A diehard support player in all aspects of gaming, I thought the position 5 role was basically “heal and block damage,” but in Dota, it’s terribly more than just that. You’re in charge of smokes, wards (both observer and sentry), dusts, stacking camps, pulling waves, and saving your reckless carry.


It takes accuracy and consistency to actually do well in Dota 2. Even if you pull creeps into a camp, you still need to last-hit everything to earn EXP and gold, all while you’re keeping a close eye on whether your carry is about to die or not.

While it may be a handful at first, it truly becomes a triumph when you’re able to check off all the boxes of being a contributing member of the team. You’re giving vision, calling MIAs, grabbing bounties, and essentially taking control of the game.

Compared to my previous LoL experience, I’d say that Dota 2 just feels a bit more drawn out in how it gets everything done. From ultimate cooldowns to hero projectile speeds, it’s just not part of my natural gaming style to deal with slower-paced micro-mechanics.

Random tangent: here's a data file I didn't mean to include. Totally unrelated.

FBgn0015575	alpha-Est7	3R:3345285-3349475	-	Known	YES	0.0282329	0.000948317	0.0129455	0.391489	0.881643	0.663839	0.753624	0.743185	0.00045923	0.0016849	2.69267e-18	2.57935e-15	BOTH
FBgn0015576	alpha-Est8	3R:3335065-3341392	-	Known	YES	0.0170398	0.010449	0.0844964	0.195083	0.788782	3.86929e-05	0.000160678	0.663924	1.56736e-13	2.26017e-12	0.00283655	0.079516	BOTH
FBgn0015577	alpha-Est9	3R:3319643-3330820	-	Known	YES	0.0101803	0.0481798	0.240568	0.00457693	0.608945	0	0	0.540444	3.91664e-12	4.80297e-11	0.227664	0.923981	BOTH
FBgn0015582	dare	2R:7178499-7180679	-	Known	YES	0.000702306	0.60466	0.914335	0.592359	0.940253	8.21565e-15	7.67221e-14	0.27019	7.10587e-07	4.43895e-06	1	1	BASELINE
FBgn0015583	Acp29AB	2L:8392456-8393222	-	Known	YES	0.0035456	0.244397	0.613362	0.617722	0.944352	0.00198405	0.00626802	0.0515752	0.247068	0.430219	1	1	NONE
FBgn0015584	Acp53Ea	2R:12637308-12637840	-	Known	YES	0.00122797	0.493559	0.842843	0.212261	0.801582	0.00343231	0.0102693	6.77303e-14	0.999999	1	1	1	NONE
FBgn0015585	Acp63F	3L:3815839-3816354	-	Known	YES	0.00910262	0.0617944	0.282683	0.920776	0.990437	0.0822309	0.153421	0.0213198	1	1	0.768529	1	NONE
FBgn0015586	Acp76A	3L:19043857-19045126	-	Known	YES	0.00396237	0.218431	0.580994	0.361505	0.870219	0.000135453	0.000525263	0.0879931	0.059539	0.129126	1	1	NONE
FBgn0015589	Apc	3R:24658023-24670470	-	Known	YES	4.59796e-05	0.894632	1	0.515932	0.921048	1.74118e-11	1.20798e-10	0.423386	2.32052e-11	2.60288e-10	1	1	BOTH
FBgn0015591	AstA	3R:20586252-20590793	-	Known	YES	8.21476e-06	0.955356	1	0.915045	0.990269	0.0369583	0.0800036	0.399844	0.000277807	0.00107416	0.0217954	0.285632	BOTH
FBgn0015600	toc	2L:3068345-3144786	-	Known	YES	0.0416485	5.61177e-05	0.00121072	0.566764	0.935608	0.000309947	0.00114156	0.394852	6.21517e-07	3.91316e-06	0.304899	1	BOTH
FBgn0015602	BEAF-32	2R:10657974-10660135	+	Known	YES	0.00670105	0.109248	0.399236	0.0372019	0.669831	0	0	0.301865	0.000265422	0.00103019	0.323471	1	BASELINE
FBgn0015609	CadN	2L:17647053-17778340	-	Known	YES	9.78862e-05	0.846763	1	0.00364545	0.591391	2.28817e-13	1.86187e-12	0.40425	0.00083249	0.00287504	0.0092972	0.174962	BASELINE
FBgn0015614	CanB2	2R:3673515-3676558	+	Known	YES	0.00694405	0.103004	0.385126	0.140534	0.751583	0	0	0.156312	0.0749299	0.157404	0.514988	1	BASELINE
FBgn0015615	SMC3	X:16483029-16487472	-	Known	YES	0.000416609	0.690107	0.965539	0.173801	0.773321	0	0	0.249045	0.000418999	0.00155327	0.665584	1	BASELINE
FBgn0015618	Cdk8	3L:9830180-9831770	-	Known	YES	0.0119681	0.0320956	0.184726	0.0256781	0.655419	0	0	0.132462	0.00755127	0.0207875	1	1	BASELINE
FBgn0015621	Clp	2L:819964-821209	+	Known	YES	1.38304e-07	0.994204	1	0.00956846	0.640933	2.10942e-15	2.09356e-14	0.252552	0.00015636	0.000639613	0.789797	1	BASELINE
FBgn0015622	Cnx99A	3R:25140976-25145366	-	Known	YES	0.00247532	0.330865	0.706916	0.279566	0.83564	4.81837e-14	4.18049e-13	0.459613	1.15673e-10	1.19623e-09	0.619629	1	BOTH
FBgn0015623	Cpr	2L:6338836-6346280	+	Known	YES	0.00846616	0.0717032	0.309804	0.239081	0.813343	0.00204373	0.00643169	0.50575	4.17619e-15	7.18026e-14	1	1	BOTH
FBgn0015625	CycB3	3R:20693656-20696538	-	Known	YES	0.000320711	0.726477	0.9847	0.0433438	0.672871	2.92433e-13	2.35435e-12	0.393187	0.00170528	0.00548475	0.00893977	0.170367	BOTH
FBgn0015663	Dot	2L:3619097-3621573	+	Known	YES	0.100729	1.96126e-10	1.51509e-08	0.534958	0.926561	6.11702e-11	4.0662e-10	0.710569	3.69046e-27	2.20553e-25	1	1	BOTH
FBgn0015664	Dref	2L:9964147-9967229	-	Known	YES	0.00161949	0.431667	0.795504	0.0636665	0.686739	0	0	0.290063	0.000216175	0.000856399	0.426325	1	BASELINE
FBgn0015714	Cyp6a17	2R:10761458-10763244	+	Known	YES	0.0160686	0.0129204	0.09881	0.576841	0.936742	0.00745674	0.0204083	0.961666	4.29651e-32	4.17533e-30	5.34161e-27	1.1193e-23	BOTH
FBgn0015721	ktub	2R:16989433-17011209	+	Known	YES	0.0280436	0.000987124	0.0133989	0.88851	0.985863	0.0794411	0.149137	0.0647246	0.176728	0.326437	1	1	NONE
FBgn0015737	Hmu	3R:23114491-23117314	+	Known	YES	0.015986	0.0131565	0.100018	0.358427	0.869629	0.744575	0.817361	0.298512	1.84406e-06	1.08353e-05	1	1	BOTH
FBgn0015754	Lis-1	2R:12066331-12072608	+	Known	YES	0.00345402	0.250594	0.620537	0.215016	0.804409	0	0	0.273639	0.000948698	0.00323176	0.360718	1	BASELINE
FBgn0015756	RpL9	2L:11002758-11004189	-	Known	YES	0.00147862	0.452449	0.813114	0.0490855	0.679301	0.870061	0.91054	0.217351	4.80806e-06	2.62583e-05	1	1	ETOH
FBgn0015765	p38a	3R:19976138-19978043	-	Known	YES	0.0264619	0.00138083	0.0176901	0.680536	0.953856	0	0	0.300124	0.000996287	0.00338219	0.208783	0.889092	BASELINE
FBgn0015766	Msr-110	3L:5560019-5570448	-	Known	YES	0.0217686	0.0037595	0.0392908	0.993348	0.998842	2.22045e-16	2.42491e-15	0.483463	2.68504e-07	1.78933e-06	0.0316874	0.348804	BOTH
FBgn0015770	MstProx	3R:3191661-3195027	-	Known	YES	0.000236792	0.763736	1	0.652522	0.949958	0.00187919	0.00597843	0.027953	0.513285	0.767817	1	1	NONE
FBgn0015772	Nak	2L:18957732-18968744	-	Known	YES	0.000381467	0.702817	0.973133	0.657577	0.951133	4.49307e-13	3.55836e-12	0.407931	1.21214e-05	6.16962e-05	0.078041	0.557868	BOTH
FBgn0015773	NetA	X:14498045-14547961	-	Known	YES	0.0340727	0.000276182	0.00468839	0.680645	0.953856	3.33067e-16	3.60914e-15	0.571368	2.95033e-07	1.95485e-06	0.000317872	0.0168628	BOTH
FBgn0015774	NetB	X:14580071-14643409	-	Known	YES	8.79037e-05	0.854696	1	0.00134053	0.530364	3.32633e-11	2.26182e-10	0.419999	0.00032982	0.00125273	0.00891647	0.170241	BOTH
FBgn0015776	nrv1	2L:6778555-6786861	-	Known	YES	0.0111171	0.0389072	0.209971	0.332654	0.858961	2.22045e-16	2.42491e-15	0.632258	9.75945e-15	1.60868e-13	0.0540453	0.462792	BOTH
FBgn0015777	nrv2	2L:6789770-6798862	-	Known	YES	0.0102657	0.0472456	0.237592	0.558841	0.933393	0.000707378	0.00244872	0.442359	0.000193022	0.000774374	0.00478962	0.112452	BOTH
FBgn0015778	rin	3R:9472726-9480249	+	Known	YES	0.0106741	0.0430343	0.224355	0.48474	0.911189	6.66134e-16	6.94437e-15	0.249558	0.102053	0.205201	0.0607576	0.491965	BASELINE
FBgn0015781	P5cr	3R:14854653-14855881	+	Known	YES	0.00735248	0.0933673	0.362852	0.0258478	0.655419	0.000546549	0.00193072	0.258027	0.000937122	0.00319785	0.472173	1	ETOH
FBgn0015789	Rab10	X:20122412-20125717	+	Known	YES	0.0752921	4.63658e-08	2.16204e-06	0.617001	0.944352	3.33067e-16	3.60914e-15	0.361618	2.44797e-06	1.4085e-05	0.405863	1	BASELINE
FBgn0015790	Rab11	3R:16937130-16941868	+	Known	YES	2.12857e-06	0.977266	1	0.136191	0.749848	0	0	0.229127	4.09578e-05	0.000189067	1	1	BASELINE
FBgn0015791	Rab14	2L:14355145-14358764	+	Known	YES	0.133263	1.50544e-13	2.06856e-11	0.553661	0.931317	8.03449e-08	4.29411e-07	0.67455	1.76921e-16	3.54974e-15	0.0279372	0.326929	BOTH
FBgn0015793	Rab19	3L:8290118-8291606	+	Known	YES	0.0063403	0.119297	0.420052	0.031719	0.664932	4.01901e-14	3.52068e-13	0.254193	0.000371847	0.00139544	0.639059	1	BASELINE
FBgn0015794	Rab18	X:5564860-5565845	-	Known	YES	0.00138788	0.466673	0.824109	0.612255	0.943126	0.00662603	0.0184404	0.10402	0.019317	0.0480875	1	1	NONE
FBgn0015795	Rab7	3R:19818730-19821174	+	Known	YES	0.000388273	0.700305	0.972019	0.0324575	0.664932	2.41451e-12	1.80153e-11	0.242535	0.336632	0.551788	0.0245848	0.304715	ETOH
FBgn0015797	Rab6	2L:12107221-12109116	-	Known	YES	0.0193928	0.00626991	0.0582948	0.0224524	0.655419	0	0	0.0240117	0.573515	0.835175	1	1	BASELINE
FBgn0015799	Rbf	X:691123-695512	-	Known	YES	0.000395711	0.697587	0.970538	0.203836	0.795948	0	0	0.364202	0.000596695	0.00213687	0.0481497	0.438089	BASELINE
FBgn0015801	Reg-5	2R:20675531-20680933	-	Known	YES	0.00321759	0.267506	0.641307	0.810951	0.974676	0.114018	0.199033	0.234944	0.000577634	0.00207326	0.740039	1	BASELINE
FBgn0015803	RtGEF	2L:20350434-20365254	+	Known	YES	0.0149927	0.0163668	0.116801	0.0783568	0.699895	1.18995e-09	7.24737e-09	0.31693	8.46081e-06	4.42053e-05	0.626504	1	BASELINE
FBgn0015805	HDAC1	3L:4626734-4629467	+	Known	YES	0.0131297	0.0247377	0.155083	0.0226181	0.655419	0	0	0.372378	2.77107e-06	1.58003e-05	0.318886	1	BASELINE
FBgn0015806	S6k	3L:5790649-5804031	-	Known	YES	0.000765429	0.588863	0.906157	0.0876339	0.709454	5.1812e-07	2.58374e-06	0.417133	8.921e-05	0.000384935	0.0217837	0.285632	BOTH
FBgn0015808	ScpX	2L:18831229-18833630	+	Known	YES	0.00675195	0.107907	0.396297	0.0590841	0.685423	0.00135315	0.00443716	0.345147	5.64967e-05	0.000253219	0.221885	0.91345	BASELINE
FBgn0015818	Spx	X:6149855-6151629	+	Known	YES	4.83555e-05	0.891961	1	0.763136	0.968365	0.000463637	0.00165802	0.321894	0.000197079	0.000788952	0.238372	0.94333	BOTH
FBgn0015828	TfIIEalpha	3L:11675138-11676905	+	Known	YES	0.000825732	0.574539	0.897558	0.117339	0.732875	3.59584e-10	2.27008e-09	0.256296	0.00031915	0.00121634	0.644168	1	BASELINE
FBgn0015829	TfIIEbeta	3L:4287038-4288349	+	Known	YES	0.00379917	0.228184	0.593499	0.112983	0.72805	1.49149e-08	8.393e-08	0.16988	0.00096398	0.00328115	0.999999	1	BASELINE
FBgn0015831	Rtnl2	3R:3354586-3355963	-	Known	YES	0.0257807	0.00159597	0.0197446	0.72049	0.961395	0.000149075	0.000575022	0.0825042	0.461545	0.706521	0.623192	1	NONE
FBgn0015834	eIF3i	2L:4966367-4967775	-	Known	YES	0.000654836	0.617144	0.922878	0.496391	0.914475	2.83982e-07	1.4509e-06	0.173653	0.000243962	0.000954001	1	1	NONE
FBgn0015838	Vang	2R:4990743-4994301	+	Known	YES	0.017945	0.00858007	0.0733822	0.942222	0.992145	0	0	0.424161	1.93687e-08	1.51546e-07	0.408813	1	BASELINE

The worst thing about Dota 2 is that there’s no free platform for you to effectively learn the intricacies of the actual game.

Valve does offer Dota Plus — a paid subscription service that shares in-depth analytics on things like team compositions and creep pulls — but you can’t expect a beginner to buy into such a service without having a solid grasp on how to play Dota 2.

This is where your more experienced friends come in. With a mentor at play, you could learn a lot of things such as builds and laning positions, but it comes at a cost. Since Dota 2 matches you with similar rankings, you find yourself fighting a similar Immortal player, leaving you in the dust in terms of knowledge and game sense.

Even if you go on to play with friends with a similar skill level, you’re bound to find an Immortal player disguised as a clueless Guardian in the queue. With Dota even pairing grouped lobbies together, your learning troop will encounter squads of smurfs who immediately counter-draft your try-hero Sniper and just chain stun you to oblivion. At the end of every loss, the question truly is, “how can I get good when everybody else is already good?”

Facing a limitless skill ceiling with no way to truly climb above it, casual Dota 2 players like myself will forever stay at the bottom of the barrel.

As someone who’s played the game for a few years now, the game painfully punishes those who don’t keep up with the times. Though most free-to-play games add new concepts to keep things fresh, Dota 2 over-delivers with innovative changes that alter the entire game.